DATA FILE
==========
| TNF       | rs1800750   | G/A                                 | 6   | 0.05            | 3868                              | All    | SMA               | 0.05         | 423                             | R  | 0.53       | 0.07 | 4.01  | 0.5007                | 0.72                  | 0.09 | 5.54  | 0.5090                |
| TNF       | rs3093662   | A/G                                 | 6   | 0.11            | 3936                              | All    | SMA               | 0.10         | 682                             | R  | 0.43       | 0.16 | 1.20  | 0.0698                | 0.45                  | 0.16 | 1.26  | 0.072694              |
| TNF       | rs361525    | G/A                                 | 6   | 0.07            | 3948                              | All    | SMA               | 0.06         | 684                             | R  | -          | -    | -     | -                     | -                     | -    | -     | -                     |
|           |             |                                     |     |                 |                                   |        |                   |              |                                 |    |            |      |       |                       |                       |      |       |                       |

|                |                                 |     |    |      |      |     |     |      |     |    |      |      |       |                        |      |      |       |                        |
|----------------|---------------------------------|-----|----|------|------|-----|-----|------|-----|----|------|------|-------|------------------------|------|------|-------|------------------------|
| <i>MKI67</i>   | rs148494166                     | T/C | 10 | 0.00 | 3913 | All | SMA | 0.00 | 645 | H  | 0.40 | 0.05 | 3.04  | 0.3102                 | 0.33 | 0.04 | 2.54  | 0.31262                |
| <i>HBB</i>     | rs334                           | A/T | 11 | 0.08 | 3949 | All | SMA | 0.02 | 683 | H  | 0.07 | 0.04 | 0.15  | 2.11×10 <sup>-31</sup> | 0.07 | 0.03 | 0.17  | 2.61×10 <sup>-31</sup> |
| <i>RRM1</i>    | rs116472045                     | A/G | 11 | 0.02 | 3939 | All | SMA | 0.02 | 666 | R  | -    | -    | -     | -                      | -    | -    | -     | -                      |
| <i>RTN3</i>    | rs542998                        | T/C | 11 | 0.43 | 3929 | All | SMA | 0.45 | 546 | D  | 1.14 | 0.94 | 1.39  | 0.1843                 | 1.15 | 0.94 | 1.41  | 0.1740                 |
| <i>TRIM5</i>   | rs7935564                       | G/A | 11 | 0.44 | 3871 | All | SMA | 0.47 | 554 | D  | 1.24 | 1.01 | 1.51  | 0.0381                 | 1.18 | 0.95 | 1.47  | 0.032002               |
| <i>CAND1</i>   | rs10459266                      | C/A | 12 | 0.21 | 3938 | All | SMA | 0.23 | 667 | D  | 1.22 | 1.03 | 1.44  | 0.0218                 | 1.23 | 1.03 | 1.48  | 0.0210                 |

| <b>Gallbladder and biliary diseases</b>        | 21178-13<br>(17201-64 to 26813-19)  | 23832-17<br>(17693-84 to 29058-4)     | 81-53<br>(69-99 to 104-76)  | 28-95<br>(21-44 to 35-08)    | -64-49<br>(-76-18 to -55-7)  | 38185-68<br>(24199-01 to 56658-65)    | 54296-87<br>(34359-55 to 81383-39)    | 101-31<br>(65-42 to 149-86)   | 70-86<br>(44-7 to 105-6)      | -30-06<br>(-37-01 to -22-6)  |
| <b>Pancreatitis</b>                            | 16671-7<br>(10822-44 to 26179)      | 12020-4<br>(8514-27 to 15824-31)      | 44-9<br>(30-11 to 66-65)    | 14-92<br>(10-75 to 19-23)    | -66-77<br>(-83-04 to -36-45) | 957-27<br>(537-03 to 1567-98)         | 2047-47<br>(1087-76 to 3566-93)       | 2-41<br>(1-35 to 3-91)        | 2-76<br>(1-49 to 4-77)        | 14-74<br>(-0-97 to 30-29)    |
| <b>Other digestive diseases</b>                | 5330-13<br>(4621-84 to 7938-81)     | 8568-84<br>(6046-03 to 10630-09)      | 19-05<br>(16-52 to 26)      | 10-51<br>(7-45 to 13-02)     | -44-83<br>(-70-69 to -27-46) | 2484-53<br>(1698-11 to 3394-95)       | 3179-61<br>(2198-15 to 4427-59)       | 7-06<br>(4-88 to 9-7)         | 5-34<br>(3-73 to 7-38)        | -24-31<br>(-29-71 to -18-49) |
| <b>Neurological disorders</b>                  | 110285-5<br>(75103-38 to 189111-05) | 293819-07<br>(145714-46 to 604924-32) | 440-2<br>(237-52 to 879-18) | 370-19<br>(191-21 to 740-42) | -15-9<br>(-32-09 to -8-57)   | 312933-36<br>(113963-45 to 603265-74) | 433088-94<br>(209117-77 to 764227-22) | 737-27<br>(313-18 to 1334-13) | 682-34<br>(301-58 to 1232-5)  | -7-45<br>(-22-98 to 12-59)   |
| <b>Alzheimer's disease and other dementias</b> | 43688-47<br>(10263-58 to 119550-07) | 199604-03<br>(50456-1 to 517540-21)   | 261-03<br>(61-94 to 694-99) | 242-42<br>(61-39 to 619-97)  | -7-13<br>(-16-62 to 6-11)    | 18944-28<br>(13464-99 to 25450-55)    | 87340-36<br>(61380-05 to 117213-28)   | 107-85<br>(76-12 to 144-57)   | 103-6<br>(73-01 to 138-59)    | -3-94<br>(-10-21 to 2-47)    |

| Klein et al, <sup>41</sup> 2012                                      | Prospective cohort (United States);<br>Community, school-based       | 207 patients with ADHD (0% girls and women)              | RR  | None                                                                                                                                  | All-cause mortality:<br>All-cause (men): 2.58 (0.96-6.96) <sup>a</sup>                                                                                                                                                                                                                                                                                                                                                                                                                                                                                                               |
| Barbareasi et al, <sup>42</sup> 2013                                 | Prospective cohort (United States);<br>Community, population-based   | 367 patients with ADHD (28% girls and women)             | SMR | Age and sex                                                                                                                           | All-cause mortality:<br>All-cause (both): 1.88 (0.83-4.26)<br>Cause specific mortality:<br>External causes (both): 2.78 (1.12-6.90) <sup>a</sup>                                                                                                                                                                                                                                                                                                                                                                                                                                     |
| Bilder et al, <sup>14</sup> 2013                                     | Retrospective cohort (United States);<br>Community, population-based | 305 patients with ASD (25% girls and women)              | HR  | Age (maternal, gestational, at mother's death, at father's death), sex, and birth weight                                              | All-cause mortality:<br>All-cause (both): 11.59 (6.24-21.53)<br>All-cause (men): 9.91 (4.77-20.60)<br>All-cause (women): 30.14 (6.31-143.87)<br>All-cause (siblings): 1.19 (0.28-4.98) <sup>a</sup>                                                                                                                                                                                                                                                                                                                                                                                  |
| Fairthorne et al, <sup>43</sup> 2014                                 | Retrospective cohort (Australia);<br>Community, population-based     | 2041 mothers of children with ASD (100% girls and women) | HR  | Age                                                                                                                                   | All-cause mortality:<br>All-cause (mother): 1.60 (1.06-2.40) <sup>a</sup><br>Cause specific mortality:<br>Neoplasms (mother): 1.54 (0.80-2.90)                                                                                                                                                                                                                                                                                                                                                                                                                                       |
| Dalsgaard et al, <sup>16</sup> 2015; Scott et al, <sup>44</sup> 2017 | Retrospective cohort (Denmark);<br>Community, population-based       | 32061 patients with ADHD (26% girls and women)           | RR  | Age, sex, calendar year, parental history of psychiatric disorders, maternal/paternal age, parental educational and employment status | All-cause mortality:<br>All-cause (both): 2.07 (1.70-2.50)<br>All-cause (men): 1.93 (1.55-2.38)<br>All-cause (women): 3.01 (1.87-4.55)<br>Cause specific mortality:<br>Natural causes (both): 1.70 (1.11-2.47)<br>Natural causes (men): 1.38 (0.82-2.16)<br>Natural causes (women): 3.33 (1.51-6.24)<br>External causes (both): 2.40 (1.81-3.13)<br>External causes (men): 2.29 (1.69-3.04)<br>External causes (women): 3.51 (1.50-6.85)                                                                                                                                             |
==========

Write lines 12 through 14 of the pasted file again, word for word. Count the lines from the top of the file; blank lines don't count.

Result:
| <i>CAND1</i>   | rs10459266                      | C/A | 12 | 0.21 | 3938 | All | SMA | 0.23 | 667 | D  | 1.22 | 1.03 | 1.44  | 0.0218                 | 1.23 | 1.03 | 1.48  | 0.0210                 |

| <b>Gallbladder and biliary diseases</b>        | 21178-13<br>(17201-64 to 26813-19)  | 23832-17<br>(17693-84 to 29058-4)     | 81-53<br>(69-99 to 104-76)  | 28-95<br>(21-44 to 35-08)    | -64-49<br>(-76-18 to -55-7)  | 38185-68<br>(24199-01 to 56658-65)    | 54296-87<br>(34359-55 to 81383-39)    | 101-31<br>(65-42 to 149-86)   | 70-86<br>(44-7 to 105-6)      | -30-06<br>(-37-01 to -22-6)  |
| <b>Pancreatitis</b>                            | 16671-7<br>(10822-44 to 26179)      | 12020-4<br>(8514-27 to 15824-31)      | 44-9<br>(30-11 to 66-65)    | 14-92<br>(10-75 to 19-23)    | -66-77<br>(-83-04 to -36-45) | 957-27<br>(537-03 to 1567-98)         | 2047-47<br>(1087-76 to 3566-93)       | 2-41<br>(1-35 to 3-91)        | 2-76<br>(1-49 to 4-77)        | 14-74<br>(-0-97 to 30-29)    |